A new imaging tool?

Mammography is the common way to detect breast cancer. But it's not perfect: it struggles to image dense glandular tissue or early-stage tumours. Magnetic resonance imaging (MRI) offers best sensivity but it is expensiv and not always specific enough. Now researchers have come up with another option: a scanner that integrates thermoacoustic and photoacoustic tomography to achieve dual-contrast imaging.

The non-ionizing scanner can potentially provide high-resolution, dual-modality...
The non-ionizing scanner can potentially provide high-resolution, dual-modality breast imaging.
Early diagnosis and treatment are key to surviving breast cancer. Advances in mammography screening and treatment technologies have reduced the death rate of this disease by about 20%. But particulary for high-risk patients the examination by mammography might be sufficient, several studies indcate. Last year, the American Cancer Assiociation issued new guidelines that recommenend annual magnetic resonance imaging (MRI), for women with certain genetic mutations and whose family history shows a high cancer risk. But MRI is very expensive.
It can cost $ 1,000 or more per scan and it also  produces false positive results. Researchers at the Washington University in St. Louis (WUSTL) developed a new imaging scanner. They integrated thermoacoustic and photoacoustic tomography (TAT/PAT) to get a dual-contrast image. The low-cost scanner that detects microwave and light absorption may provide a non-ionizing and high-resolution,dual modality 3D image of the breast, the scientist explain in Medical Physics.
 "Depending upon the clinical testing outcome, TAT/PAT could potentially replace X-ray mammography if its sensitivity and specificity are high enough," Lihong Wang, director of WUSTL's Optical Imaging Laboratory, told medicalphysicsweb. "Otherwise, it can serve as an adjunct.”
Two in one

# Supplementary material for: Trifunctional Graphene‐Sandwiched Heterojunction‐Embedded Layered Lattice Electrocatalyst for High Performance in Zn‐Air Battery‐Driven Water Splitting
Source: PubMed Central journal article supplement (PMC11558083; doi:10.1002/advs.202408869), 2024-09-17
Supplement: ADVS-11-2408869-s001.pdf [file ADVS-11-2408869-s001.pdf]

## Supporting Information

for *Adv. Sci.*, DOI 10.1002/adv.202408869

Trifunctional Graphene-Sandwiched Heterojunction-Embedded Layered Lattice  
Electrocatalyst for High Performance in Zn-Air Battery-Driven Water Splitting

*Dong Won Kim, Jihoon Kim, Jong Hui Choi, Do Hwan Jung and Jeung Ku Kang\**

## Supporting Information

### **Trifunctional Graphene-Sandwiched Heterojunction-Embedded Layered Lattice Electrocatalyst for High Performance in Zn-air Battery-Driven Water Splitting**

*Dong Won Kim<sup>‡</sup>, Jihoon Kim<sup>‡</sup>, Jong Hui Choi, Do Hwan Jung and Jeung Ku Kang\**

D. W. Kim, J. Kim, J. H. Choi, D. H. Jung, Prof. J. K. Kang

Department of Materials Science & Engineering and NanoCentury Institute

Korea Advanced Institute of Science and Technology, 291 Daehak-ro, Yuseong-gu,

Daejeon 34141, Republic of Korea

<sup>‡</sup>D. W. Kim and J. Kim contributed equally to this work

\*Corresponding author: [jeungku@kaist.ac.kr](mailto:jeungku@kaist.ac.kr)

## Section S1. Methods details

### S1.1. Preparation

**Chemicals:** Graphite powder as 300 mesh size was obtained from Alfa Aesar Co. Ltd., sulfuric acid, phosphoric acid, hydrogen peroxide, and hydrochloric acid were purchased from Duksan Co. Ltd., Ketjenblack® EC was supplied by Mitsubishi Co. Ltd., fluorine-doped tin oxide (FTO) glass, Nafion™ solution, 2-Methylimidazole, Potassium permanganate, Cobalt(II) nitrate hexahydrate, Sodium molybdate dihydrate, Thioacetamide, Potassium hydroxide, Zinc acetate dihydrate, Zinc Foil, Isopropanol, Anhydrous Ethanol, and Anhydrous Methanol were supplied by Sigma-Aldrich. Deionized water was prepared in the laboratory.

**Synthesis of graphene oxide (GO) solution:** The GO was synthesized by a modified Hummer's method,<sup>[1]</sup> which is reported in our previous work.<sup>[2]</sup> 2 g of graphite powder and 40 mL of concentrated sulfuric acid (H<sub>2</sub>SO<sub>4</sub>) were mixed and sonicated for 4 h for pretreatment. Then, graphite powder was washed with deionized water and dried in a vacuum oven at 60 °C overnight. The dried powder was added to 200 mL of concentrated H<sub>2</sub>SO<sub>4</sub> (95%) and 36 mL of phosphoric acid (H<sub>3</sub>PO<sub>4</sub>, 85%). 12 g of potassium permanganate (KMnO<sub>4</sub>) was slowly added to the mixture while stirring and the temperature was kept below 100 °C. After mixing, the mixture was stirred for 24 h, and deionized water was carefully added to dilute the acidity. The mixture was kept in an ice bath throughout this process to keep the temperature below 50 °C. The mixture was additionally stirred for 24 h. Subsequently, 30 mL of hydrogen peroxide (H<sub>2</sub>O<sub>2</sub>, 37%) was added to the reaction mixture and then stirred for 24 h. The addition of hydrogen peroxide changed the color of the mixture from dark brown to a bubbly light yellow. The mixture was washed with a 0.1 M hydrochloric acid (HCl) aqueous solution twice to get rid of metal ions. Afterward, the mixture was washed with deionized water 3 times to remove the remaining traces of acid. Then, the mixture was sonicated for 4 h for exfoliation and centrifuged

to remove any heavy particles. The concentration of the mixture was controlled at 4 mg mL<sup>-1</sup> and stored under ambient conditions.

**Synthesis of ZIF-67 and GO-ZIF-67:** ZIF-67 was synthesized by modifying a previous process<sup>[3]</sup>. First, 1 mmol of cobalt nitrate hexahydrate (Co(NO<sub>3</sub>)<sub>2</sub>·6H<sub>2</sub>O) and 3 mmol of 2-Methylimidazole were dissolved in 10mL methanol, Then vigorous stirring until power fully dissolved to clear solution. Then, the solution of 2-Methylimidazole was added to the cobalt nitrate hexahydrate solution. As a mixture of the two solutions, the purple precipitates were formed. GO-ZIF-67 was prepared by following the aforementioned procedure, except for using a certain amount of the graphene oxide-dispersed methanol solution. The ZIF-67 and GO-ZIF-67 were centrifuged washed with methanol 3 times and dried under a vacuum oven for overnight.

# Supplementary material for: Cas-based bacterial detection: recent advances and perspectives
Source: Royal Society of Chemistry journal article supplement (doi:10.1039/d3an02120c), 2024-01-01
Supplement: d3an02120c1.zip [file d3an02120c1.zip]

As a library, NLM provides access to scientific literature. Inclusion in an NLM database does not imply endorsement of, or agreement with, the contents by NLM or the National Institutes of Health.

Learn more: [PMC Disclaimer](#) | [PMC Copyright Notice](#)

TAT works by irradiating tissue with microwave or RF pulses. When this energy is absorbed, it causes localized heating that results in a pressure wave. This wave is detected by ultrasound transducers at the tissue surface and can be used to generate an image.
The RF contrast between malignant tumour tissue and normal human breast tissue is about 4:1, with one recent study showing a contrast in dielectric properties between malignant and normal adipose-dominated breast tissues of up to 10:1. In comparison, X-ray contrast is typically only a few percent among soft tissues.
PAT exploits the same effect, except that the ultrasound is generated by irradiating the region of interest with pulsed near-infrared light. Here, the image contrast arises from the degree of vascularization within the tissue, with the optical absorption contrast of oxy- and deoxyhaemoglobin relative to the background as high as 10:1. Thus PAT is ideal for quantifying features such as angiogenesis and hypoxia, which are correlates of breast malignancy.
To create the dual-modality scanner, the WUSTL researchers integrated a 1064 nm Nd:YAG laser and a 3.0 GHz microwave source into a single device. The ultrasound signals are detected by transducers that revolve by 360 degrees around the sample. The breast is placed in a cylindrical aperture at the front of the scanner and compressed from the front, which potentially enables imaging near the chest wall. The system can instantaneously switch between microwave and laser illumination.
The researchers tested the TAT/PAT scanner using tissue phantoms made of porcine fat to mimic fatty breast tissue. Five water-based gel targets were buried inside the phantom - two made of clear gel and three of black gel.
The RF absorption contrast between the gel and the background fatty tissue is about 4:1. As expected, TAT clearly imaged all five targets. The contrast, signal-to-noise ratio and resolution in the reconstructed TAT images were around 3.5:1, 34 and 1.2 mm, respectively, for the 13-mm transducer, and about 2.5:1, 20 and 0.7 mm for the 6-mm transducer.The reconstructed PAT images only revealed the black targets, as the contrast in this case is dependent on light absorption. Here, the images exhibited contrast, signal-to-noise ratio and resolution of about 4.1:1, 64 and 0.7 mm, respectively, for the 13-mm transducer, and around 3.8:1, 27 and 0.7 mm for the 6-mm transducer
The researchers conclude that "TAT and PAT together can provide additional functional information for the diagnosis of breast cancer." Integrating the two modalities into a single system also enables consecutive image acquisition without having to realign the patient - reducing both scanning time and system cost.


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